Just a reminder, both tropical and temperate rainforests store lots of carbon. Photo: Brian Garrett via flickr.
One key area which is thankfully starting to get more attention, if not action, in terms of combatting climate change is preservation and restoration of ecosystems. In fact The Economics of Ecosystems and Biodiversity project is saying "natural systems represent one of the biggest untapped allies" in combatting climate change, because of their carbon storage potential -- and that incorporating funding for forests in a global climate deal should be a key priority:TEEB highlights the fact that in addition to absorbing some 15% of global carbon emissions, forests provide a whole range of ecosystem services that are worthy of protecting. In addition, funding efforts to preserve forests such as REDD could also be an important tool in addressing poverty.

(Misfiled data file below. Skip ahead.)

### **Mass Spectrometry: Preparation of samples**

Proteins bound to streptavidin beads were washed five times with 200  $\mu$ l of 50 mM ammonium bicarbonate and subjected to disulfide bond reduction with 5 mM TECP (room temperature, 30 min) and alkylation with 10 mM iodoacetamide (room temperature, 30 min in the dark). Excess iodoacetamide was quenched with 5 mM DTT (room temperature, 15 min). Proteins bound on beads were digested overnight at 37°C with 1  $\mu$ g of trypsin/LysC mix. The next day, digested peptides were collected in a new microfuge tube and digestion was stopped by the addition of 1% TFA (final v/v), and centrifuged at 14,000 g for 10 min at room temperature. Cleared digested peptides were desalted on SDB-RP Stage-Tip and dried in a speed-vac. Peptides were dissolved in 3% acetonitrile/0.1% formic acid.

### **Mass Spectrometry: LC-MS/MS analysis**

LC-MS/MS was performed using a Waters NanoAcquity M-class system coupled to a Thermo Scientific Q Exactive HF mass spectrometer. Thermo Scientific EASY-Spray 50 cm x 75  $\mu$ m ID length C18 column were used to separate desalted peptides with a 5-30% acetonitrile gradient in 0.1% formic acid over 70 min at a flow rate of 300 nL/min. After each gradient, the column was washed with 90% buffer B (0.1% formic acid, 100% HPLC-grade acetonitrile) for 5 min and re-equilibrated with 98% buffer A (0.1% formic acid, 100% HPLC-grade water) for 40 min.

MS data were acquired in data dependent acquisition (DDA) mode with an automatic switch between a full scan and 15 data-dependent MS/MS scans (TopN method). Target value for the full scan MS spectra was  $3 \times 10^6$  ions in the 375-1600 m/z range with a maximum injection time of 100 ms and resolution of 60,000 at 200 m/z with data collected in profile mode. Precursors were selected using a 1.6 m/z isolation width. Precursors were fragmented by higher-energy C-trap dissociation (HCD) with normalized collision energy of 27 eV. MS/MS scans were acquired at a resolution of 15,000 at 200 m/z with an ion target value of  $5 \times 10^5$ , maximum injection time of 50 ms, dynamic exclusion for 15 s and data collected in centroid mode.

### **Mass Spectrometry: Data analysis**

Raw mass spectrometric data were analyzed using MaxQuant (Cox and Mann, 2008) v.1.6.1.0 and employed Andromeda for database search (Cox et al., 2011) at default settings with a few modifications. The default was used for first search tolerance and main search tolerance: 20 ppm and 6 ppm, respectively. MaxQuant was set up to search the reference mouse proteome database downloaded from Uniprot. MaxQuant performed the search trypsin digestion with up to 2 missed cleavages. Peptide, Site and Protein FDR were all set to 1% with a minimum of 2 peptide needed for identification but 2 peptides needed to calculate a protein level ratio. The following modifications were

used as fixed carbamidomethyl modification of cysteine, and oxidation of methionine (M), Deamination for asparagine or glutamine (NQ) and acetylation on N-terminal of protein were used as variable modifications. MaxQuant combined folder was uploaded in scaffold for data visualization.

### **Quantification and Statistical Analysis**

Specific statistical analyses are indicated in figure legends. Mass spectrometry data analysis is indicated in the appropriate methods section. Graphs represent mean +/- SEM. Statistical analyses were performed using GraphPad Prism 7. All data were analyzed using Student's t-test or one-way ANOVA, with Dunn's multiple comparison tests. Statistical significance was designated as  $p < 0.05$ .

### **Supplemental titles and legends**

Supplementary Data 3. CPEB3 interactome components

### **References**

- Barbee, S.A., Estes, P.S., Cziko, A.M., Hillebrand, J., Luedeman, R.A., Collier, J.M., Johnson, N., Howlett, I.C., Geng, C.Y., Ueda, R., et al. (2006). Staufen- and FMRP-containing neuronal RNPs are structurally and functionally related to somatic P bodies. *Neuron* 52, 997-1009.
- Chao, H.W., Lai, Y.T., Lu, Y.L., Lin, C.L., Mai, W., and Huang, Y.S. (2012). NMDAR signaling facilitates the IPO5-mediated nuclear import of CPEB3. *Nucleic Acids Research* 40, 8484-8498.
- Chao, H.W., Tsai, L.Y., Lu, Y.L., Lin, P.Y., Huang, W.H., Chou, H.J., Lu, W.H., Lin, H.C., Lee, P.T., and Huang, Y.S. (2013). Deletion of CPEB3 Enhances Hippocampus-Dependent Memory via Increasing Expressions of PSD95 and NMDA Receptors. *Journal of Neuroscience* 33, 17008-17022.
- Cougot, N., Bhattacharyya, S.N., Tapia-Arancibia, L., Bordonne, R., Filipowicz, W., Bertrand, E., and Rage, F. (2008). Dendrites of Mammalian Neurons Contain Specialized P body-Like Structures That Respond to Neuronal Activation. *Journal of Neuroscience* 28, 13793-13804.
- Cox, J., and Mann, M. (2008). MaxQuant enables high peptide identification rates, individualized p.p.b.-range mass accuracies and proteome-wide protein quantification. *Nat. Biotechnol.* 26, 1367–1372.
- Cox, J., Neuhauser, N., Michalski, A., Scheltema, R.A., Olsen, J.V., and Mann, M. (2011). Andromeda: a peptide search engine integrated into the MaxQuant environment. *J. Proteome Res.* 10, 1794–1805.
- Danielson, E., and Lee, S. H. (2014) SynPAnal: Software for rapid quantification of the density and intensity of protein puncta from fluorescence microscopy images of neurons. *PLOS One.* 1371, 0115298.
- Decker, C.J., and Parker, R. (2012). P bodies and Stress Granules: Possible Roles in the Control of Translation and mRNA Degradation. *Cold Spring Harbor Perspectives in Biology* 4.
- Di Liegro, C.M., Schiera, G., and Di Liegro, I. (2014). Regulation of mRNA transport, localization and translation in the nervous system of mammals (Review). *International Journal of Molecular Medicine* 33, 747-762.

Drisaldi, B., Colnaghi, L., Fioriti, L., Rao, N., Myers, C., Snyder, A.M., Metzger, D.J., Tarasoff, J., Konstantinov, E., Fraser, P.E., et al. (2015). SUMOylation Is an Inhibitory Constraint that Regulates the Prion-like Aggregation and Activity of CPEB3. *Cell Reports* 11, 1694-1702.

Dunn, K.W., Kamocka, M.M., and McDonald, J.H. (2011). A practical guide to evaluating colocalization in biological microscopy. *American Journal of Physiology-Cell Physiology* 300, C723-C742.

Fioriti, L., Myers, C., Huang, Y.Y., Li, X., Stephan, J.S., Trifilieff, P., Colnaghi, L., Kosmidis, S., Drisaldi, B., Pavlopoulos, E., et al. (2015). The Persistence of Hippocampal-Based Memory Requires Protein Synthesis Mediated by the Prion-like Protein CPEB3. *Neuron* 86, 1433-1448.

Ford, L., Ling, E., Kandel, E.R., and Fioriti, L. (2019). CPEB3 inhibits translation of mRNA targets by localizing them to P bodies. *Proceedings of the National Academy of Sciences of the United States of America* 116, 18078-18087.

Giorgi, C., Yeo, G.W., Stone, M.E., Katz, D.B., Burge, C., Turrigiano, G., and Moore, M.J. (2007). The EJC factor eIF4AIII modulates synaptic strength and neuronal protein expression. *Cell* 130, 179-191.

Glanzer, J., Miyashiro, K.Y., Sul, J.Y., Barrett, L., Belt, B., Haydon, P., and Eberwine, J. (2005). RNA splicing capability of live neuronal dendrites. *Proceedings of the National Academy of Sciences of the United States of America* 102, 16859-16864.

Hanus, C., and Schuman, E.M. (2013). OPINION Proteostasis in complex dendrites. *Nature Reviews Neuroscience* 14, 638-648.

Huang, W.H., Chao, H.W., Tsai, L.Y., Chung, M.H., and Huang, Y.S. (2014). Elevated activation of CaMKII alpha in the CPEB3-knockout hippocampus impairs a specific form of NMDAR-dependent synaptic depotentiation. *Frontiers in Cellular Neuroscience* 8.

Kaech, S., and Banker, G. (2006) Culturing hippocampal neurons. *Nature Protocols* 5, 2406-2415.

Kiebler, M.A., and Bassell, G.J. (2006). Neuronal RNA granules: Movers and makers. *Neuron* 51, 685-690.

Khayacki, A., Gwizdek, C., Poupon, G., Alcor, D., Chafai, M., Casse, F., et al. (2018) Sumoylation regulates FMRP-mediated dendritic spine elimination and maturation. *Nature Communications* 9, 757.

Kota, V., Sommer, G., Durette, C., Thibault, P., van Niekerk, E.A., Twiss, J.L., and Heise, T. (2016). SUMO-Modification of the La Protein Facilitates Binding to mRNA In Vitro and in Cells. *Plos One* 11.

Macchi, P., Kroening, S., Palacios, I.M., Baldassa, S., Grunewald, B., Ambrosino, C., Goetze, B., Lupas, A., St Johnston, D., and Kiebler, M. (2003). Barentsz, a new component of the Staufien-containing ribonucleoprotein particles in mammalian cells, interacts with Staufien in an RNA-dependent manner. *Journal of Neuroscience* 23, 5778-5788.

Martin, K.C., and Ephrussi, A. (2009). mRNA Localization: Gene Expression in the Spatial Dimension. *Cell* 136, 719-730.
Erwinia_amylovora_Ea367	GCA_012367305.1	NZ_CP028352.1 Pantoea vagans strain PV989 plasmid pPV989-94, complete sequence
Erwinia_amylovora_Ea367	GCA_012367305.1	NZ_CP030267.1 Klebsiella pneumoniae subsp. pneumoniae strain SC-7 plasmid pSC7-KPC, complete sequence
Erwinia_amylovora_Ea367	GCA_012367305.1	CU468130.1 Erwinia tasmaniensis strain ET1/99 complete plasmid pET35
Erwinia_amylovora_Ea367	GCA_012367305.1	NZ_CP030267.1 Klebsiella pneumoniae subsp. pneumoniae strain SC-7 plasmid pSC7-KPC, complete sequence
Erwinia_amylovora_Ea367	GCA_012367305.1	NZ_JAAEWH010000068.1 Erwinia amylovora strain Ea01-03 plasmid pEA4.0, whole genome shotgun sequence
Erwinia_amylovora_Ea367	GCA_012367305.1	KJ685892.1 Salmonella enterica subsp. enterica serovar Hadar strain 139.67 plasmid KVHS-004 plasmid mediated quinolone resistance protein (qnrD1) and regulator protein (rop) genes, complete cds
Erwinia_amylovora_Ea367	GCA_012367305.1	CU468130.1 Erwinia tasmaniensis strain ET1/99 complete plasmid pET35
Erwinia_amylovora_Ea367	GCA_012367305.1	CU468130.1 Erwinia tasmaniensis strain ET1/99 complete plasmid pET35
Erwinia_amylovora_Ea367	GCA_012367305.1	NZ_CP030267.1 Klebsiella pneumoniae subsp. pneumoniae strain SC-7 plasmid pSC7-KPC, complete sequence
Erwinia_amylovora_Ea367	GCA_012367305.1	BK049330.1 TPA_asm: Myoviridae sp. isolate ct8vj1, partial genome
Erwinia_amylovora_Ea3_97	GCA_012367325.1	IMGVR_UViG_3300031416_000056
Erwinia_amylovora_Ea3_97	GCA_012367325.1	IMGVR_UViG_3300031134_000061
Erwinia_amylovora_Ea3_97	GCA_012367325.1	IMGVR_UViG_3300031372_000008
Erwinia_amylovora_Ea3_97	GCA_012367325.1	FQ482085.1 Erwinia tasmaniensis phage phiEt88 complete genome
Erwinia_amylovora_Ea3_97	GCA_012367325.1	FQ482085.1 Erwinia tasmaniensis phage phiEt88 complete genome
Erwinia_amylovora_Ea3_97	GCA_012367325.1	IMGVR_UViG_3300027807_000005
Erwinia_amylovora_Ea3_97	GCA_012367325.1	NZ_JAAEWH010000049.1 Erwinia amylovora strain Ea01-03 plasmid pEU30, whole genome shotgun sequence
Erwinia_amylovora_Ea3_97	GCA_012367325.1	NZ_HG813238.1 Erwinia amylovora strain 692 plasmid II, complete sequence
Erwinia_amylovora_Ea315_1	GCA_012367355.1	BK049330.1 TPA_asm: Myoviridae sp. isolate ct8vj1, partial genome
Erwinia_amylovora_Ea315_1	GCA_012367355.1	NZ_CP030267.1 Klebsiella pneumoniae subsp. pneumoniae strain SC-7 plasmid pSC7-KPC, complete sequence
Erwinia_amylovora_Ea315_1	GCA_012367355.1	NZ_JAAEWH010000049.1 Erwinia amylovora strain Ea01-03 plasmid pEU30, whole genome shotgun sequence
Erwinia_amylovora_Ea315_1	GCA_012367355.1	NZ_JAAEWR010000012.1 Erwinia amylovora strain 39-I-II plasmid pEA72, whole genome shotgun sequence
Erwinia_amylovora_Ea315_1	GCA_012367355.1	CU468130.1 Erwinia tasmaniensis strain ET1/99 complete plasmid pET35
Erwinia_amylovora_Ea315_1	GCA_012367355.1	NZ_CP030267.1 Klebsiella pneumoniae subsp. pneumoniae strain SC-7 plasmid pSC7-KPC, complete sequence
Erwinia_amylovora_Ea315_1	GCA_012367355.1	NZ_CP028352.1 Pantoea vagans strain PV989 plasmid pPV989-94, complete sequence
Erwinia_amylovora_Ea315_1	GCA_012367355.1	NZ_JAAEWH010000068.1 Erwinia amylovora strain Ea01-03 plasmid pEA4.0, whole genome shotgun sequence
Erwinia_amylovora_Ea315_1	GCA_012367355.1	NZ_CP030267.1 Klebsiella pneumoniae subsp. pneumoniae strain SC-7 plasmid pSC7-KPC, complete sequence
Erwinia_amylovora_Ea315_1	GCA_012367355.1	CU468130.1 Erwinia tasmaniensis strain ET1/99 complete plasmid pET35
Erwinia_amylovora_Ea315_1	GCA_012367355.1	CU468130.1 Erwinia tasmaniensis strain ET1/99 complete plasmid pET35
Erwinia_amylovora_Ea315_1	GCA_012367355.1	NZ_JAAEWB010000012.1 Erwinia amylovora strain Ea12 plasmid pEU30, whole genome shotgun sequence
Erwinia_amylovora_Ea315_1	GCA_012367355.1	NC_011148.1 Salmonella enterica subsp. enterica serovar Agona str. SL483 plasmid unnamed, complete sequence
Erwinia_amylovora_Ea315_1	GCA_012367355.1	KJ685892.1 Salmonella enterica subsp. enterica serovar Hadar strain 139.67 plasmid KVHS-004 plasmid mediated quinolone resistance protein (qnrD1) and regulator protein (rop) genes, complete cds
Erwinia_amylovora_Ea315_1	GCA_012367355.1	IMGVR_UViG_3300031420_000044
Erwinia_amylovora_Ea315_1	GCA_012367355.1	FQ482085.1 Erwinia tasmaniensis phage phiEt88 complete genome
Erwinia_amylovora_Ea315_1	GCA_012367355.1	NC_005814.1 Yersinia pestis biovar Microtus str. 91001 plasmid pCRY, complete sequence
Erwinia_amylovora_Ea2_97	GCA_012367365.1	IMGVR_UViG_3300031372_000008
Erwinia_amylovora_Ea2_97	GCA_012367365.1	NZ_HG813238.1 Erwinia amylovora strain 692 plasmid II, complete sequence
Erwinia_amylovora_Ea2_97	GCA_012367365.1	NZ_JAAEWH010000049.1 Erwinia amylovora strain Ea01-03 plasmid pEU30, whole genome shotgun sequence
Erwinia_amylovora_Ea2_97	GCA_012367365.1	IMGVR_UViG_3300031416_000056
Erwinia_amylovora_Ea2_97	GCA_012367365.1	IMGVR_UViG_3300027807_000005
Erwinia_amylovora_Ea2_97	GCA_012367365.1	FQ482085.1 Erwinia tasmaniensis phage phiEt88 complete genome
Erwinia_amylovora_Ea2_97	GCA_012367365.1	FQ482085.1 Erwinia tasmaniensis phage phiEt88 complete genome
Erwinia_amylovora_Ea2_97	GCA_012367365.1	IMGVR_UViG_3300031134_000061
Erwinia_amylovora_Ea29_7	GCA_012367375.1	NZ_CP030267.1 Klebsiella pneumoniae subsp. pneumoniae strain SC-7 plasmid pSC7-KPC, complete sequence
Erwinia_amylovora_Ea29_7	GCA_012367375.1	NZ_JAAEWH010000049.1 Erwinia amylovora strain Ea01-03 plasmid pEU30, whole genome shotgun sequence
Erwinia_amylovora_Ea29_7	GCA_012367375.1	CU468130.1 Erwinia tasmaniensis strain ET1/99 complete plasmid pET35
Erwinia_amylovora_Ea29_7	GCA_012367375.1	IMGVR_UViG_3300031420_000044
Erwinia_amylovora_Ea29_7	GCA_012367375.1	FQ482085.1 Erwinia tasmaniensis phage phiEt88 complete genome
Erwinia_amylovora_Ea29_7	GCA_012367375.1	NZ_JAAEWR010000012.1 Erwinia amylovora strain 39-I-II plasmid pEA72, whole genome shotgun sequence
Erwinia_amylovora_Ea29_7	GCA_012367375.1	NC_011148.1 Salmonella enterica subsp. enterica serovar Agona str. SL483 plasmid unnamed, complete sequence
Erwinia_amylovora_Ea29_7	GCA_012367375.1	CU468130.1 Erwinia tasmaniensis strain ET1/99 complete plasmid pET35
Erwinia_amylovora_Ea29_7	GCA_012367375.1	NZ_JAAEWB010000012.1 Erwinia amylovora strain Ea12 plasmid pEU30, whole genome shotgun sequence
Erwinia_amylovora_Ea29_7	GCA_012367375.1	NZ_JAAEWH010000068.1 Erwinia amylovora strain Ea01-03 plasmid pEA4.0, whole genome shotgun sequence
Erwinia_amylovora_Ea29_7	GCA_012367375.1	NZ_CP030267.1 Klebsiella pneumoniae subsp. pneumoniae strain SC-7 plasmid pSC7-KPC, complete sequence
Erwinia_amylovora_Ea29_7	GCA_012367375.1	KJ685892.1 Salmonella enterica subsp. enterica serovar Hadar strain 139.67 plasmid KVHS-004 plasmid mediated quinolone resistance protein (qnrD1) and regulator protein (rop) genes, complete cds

Investing in Ecosystems = Big Returns
Nothing new there for most TreeHugger readers, but here's the real payoff: TEEB points out that the rate of return on investments to preserve the Earth's ecological infrastructure can offer a great return on investment. An investment in maintaining natural areas of $45 billion could preserve some $5 trillion a year in (currently unpaid for) ecosystem services.
More info: TEEB: Climate Issues Update, September 2009 [PDF]
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